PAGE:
Astronauts aboard the ISS began the process of grappling the Dragon CRS-11 spacecraft this morning at 0830R (8:30 a.m. ET). Peggy Whitson and Jack Fischer, of Expedition 52, are working to berth the spacecraft to the Harmony module of the ISS.
The CRS-11 mission launched Saturday, 3 June, after an initial launch window was scrubbed on Thursday, 1 June, due to inclement weather. In spite of a launch likelihood calculation that reached as high as 60% the morning of 3 June, the weather around Kennedy Space Center cleared significantly and the launch placed the Dragon craft into orbit without incident, with the Falcon 9’s first stage returning to the launchpad under its own power. The CRS-11 mission marks the first time a reused launcher was paired with a reused spacecraft, considered critical milestones in the private space industry’s quest to achieve dramatically lower launch costs government programs.
It’s been a busy few days for the flight engineers aboard the space station. On Friday 2 June, ESA astronaut Thomas Pesquet and Roscomos’s Oleg Novitskiy returned to Earth in a Soyuz capsule that landed in Kazakhstan, and the crew transitioned from Expedition 51 to expedition 52, under the command of Roscosmos’ Commander Fyodor Yurchikhin. He and Colonel Jack Fischer arrived at the ISS in April, while Dr. Whitson has been aboard since last November. She will leave the station with the most consecutive days in space of any woman, and also holds the records for the most EVAs (extravehicular activities, or “spacewalks”) of any female astronaut.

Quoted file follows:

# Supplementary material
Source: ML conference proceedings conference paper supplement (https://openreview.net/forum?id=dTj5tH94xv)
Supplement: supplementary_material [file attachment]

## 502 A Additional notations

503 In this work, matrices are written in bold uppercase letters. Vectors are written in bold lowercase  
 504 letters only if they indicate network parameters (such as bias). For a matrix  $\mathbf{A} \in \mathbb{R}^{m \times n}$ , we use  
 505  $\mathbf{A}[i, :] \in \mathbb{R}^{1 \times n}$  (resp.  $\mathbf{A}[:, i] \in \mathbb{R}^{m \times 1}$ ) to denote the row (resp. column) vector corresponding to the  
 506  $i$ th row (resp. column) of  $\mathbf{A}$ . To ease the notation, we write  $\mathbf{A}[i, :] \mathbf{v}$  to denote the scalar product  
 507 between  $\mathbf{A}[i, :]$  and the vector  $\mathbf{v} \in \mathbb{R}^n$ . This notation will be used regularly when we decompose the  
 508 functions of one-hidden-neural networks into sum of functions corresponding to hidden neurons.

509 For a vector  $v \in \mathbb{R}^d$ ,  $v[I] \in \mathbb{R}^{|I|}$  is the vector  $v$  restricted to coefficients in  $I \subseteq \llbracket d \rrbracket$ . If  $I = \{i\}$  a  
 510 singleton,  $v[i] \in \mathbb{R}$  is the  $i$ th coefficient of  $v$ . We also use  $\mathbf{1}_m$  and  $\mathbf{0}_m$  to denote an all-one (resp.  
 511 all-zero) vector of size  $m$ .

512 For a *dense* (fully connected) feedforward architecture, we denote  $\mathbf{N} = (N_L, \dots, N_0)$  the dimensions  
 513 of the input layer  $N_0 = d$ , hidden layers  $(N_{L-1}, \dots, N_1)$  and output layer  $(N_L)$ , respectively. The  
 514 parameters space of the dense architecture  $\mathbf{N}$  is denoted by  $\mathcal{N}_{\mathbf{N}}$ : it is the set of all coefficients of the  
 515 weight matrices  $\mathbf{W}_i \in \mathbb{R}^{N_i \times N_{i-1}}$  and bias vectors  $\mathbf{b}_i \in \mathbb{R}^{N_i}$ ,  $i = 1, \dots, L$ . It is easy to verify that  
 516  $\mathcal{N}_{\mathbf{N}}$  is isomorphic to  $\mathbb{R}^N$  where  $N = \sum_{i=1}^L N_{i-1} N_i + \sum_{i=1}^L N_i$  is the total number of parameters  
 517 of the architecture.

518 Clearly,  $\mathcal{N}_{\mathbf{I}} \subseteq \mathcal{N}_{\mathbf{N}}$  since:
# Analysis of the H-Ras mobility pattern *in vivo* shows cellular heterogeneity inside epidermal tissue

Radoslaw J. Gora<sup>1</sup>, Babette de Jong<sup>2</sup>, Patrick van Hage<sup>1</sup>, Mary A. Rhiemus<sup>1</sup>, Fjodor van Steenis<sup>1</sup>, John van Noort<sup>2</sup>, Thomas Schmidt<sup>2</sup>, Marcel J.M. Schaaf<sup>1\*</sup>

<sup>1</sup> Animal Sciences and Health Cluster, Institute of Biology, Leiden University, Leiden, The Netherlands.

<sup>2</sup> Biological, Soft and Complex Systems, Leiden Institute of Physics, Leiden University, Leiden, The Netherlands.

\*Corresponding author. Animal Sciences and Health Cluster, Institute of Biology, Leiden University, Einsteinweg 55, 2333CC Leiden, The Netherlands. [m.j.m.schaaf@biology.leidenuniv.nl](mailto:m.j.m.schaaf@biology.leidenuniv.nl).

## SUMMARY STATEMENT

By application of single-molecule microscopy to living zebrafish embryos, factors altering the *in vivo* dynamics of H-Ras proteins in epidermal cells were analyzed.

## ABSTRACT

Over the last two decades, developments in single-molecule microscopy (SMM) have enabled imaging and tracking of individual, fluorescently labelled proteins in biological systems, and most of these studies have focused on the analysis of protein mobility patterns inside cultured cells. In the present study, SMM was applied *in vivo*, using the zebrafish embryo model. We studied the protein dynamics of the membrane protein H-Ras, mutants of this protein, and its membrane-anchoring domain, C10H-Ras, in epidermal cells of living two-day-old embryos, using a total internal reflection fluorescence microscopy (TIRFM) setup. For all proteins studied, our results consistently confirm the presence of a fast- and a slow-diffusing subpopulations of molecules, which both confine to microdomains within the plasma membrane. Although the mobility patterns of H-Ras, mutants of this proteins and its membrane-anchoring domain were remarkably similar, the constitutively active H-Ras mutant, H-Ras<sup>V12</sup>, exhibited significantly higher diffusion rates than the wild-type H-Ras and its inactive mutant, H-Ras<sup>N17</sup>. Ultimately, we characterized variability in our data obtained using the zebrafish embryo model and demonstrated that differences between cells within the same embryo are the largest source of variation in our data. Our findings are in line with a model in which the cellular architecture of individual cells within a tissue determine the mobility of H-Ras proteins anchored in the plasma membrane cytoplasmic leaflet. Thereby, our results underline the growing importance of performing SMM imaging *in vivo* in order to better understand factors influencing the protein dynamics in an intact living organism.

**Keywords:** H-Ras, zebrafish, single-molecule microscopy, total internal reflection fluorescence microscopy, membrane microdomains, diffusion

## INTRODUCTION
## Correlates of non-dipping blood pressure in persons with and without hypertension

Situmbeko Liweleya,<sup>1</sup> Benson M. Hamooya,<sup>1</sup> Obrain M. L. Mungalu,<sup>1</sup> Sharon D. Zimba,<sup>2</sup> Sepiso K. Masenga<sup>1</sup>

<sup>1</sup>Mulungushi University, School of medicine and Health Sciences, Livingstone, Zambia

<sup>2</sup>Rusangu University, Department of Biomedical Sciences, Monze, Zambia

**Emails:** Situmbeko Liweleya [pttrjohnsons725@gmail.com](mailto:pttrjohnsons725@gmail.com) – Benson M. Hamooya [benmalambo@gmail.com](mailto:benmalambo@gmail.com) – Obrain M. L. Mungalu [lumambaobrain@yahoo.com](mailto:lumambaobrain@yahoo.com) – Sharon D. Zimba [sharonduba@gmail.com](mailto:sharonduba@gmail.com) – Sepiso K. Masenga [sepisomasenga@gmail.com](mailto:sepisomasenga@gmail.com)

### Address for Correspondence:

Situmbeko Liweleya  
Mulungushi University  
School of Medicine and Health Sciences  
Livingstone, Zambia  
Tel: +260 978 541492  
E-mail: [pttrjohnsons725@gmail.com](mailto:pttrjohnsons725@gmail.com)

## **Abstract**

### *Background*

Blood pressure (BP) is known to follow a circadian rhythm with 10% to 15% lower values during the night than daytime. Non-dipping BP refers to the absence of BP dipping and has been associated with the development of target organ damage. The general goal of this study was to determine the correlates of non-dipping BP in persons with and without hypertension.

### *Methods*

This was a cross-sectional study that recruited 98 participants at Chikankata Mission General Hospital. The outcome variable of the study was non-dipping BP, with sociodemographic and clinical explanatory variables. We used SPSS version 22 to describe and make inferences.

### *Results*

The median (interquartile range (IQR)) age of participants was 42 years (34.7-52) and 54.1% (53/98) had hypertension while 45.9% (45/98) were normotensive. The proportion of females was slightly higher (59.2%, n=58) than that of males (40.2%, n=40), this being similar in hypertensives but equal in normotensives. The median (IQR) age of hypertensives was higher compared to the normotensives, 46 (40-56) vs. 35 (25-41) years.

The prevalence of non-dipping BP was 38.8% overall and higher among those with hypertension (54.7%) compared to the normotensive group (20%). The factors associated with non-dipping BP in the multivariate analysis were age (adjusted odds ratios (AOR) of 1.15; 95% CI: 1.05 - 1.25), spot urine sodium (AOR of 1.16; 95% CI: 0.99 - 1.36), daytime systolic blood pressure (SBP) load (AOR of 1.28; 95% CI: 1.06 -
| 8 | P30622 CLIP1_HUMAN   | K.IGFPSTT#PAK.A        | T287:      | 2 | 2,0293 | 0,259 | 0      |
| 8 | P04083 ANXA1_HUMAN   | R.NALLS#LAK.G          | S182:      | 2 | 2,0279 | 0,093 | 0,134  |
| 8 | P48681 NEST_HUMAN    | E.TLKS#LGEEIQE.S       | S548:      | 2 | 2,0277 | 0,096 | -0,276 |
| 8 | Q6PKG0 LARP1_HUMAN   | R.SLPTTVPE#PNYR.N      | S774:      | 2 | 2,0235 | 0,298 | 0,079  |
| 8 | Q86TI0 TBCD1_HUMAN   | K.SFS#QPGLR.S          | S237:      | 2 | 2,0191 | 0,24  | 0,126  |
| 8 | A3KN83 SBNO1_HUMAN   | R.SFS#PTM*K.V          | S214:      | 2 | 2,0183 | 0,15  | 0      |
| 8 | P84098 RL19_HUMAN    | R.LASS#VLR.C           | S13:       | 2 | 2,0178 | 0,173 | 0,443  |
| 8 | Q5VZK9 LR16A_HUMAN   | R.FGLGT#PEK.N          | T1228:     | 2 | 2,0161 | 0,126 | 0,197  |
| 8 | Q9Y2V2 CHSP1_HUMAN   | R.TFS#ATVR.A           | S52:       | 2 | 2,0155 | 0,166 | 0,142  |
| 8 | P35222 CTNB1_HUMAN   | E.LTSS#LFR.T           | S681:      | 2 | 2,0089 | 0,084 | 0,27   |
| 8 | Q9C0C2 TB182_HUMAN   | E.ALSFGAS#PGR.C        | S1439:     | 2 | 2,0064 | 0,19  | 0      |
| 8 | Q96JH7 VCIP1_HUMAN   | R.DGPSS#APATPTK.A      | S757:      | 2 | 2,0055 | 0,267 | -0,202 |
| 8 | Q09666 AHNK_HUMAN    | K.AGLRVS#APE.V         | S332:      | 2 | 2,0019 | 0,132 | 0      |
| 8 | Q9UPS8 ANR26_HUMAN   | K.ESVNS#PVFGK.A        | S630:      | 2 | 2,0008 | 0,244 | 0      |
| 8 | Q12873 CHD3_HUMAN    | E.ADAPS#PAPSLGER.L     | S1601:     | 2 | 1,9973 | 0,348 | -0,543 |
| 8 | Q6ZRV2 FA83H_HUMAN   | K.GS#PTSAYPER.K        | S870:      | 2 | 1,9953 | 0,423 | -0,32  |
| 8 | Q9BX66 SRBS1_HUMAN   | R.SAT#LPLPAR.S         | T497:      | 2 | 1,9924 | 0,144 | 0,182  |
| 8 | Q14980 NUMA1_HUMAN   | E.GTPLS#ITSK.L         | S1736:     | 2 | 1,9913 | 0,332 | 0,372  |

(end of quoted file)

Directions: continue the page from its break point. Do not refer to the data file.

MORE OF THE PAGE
The Dragon module brought supplies and science to the ISS, including a NICER neutron star compositor. The NICER array will be externally mounted to the ISS and will study the incredibly dense neutron stars, specifically “pulsars”, the regular radiation pulses of which are thought to be useful navigation tools as humans venture further into deep space.